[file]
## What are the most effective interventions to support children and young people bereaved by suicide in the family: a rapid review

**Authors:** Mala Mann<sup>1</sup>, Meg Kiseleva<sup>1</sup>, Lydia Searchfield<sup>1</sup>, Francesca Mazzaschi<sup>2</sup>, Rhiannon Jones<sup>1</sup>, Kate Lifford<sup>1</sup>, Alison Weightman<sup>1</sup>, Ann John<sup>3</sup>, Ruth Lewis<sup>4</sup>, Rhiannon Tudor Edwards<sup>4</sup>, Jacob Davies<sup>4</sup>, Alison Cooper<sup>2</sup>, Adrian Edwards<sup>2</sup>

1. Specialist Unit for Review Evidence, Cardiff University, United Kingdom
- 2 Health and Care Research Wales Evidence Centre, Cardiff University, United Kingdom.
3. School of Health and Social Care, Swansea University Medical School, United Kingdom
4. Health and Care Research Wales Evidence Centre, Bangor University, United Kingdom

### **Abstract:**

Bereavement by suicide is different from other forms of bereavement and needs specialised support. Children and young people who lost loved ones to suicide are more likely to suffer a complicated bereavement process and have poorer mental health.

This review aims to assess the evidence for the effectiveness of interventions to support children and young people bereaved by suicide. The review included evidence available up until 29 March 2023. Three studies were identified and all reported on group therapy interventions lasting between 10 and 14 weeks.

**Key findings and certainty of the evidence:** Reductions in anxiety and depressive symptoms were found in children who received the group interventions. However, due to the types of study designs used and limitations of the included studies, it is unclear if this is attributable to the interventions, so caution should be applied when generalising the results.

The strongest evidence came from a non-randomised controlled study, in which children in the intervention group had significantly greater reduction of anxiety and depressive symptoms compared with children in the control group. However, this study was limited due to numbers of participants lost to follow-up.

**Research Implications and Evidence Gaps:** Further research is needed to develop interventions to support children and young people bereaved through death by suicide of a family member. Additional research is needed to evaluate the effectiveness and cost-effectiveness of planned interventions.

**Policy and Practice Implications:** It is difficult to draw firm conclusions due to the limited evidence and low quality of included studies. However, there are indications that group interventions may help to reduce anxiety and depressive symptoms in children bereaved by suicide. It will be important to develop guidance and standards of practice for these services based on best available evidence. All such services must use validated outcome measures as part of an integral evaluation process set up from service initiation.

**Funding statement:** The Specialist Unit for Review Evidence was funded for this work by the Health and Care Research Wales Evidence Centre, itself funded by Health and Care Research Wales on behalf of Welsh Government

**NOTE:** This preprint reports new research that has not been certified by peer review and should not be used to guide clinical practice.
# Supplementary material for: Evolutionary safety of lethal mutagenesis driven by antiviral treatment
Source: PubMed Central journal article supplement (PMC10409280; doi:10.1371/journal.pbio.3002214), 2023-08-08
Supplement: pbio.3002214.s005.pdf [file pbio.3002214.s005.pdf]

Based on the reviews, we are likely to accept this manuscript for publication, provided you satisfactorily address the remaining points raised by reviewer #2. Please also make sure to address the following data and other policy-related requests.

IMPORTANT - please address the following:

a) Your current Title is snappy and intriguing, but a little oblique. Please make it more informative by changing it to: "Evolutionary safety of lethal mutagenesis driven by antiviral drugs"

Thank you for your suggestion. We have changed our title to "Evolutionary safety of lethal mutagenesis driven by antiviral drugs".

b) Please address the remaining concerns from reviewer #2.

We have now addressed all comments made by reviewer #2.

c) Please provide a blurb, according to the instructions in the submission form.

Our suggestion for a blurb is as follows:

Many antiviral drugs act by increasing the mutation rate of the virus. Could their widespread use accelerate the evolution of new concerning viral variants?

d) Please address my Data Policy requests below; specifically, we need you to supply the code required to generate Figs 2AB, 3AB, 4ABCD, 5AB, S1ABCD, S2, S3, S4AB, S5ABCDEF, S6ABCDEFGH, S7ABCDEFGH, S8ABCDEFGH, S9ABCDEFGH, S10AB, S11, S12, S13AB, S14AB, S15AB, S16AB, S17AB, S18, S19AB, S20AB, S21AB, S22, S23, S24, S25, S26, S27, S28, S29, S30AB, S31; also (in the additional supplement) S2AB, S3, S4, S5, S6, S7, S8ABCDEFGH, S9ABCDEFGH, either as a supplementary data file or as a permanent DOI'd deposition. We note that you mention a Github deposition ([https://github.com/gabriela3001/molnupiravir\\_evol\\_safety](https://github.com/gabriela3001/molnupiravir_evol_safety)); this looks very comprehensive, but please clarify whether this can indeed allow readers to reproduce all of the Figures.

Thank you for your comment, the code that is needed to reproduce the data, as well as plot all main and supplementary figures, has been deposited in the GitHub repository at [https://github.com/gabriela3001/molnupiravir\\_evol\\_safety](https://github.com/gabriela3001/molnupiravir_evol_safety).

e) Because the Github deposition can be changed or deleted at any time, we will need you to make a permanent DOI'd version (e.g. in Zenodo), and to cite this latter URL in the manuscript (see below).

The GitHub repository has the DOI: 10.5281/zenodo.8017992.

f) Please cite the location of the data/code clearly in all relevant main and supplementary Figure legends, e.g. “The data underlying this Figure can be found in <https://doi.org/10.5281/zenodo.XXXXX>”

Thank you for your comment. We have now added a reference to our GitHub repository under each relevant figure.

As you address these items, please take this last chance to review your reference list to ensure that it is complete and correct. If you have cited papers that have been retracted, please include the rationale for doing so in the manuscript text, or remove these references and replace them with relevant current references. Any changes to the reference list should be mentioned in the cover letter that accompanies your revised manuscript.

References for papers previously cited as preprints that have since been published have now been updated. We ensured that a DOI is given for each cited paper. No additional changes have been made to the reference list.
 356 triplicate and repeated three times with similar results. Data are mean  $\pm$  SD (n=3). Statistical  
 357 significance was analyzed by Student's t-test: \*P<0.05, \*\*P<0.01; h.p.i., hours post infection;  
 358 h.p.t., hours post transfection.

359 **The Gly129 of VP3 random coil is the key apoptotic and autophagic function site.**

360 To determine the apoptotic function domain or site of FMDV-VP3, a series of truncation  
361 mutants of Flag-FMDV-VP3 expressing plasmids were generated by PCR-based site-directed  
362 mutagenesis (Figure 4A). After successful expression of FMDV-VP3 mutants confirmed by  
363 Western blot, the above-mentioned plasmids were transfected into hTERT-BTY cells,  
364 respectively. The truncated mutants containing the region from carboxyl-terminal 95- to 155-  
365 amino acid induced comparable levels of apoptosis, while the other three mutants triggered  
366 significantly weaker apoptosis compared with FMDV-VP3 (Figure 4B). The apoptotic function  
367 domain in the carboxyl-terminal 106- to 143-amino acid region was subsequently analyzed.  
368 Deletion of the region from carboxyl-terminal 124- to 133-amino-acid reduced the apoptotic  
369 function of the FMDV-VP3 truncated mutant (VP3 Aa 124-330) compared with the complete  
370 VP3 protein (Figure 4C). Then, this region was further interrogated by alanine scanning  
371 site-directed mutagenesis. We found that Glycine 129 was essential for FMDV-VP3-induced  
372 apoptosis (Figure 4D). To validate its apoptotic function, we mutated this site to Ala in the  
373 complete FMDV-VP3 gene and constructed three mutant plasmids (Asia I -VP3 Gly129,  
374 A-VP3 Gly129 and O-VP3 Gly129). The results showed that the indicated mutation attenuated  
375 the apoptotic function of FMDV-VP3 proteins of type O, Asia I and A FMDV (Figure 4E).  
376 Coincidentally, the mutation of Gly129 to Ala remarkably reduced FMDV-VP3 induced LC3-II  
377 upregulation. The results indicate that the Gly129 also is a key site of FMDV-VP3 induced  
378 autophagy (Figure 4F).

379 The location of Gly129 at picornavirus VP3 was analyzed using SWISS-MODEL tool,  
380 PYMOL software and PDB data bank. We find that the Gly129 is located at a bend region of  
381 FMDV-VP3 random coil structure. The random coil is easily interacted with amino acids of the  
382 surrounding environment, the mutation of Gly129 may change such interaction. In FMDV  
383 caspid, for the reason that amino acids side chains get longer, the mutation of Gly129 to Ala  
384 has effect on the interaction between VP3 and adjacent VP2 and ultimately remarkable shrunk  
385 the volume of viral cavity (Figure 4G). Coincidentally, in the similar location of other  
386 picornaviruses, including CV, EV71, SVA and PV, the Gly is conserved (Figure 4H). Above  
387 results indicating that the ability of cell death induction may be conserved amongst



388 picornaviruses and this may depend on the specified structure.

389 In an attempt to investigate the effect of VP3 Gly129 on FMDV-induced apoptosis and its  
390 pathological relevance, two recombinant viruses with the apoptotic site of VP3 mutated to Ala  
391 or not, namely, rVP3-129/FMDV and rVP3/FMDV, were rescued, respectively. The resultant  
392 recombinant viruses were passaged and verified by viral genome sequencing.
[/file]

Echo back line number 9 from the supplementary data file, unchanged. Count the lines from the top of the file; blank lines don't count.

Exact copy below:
This review aims to assess the evidence for the effectiveness of interventions to support children and young people bereaved by suicide. The review included evidence available up until 29 March 2023. Three studies were identified and all reported on group therapy interventions lasting between 10 and 14 weeks.